% cd atlc-X.Y.Z
% ./configure
% make
% cd src
% ./tests
% su
# make install```
By default, the binaries are installed in /usr/local/bin and the man pages in /usr/local/man. I've not determined how to use autoconf or automake to put the html documents somewhere sensible, so you will have to do that by hand. You will need root access to install the files in /usr/local, but if you wish to install them elsewhere, you can do
```% ./configure --prefix=~
% make
% cd atlc-X.Y.Z.
% make install```
to install off your home directory.
If you have access to a computer with multiple CPUs and you have software configured for threaded support, you can do enable support for the multiple processors, by running:
```% configure --with-mp
% make
% su
# make install```
The programme must be configured first without threaded support, as the tests will not complete proplerly otherwise. I would suggest you test a few examples without threaded support too, as this has not been tested on many machines. On my old quad CPU Sun SPARCstation 20, using a large bitmap (for best accuracy) results in about 80% utilisation of my 4 cpus, resulting in results that are around 2.4x faster than on one cpu. On my current machine, a dual processor Sun Ultra 60, it runs about 1.7x faster on 2 cpus. On small bitmaps, there is little or no advantage in running on multiple CPUs.
• Question: Can `atlc` calculate the impedance of any transmission line?
• Answer: No. It can calculate the impedance of any transmission line with 2 or 3 conductors, but it can not calculate the impedance of fibre optic cables, metallic waveguides or a stucture with more than 3 wires.
• Question: How accurate is `atlc`?
• Answer:The basic method by which `atlc` works is very accurate. Errors of less than 0.3% are typical, and largest error every recorded is under 1%. The problem is that achieving such accuracy is very time consuming. Few people need results more accurate than 1%, in which case the run-times should be only a few minutes at most.
• Question: How does `atlc` work?
• Answer: `atlc` uses a method known as finite differences. A paper describing the theory of this was published in the amateur radio journal QEX See: Finding the characteristics of Arbitrary transmission lines, D. Kirkby, QEX, December 1996, page 3-10. You can download a copy if you wish, or there should be a a local copy
• Question: Does `atlc` need to know the dimensions of transmission lines?
• Answer: `atlc` does not need to know the absolute dimensions (in mm or inches), but it does need to know the relative sizes of all the conductors.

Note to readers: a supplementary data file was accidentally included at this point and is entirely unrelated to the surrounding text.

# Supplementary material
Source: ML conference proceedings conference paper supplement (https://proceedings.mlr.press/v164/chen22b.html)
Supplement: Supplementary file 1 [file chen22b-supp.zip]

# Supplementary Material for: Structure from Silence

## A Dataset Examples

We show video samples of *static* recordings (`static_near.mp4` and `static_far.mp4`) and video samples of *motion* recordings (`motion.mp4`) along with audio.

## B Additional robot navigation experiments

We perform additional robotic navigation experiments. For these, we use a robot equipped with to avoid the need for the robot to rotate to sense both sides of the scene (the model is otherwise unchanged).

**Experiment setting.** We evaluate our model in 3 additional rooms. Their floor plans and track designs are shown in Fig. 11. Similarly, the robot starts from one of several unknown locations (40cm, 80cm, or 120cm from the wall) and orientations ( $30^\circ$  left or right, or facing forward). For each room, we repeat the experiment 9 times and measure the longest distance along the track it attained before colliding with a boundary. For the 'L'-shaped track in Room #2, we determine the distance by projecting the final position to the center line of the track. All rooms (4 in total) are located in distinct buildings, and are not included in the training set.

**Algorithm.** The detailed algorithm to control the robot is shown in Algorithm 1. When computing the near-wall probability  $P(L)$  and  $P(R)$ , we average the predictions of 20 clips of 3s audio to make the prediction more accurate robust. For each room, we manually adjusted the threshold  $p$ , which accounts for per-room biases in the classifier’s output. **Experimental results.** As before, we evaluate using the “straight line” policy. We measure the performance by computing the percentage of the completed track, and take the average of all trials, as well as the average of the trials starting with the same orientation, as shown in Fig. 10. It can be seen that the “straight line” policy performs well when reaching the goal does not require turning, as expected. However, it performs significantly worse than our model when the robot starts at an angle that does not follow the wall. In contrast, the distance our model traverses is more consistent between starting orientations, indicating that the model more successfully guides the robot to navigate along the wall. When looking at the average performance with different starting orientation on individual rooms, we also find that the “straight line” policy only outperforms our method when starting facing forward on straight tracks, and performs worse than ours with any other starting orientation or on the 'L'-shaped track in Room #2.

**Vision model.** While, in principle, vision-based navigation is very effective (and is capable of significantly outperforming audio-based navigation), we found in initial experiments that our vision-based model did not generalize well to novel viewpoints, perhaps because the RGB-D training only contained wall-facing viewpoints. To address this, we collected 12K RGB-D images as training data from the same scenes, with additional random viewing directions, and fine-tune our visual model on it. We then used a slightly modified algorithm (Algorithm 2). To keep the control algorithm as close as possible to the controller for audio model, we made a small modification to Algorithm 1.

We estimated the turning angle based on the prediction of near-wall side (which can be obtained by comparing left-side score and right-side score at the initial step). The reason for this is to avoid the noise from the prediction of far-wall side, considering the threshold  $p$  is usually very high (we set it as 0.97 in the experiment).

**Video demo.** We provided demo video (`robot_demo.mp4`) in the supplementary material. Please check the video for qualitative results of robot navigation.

• Question: Bitmap files are large, can I use JPEG instead?
• Answer: No. JPEG files use a compression method that is not lossless -i.e. data is lost from which you can never recover. As such JPEG is not suitable for this application. TIFF could in principle be used, but there are no plans to add support for files other than .bmp. I might add support for the FITs data file format, but this is not a priority
• Question: Iwant to try a number of different transmission lines, all with rectangular cross sections. Drawing them as bitmaps is a bit tedious. Is there a simpler way?
• Answer: Yes, there is. The programme `rect_in_rect` is for this purpose, as it can automatically draw bitmaps for a rectangular conductor inside another rectangular conductor, like the following transmission line.

You need to supply as command line arguments the dimensions of the structure (in mm, inches, miles or whatever you want, as long as the same unit is used throughout), and of course the permittivities of the dielectrics. See the section Automatic Bitmap Generators for more information on `rect_in_rect`.
• Question: I ran rect_in_rect with the -v option, so that it produced some extra information to stderr. rect_in_rect indicated that it would create a grid of 615 x 201, yet the bitmap was larger at 625 x 211 pixels. Why is this ?
• Answer: The dimensions you enter on rect_in_rect's command line are the inside dimensions of the outer conductor, which you enter as floating point numbers. rect_in_rect will convert those to the best integer fit it can, but it least have at least a 1 pixel border all the way around for the outer conductor. By default, the border is made 5 pixels, so it can be seen easily on a bitmap without needing to zoom in too far. Hence the bimap is 10 pixels wider and 10 pixel higher than expected.

atlc is written and supported by Dr. David Kirkby (G8WRB) It it issued under the GNU General Public License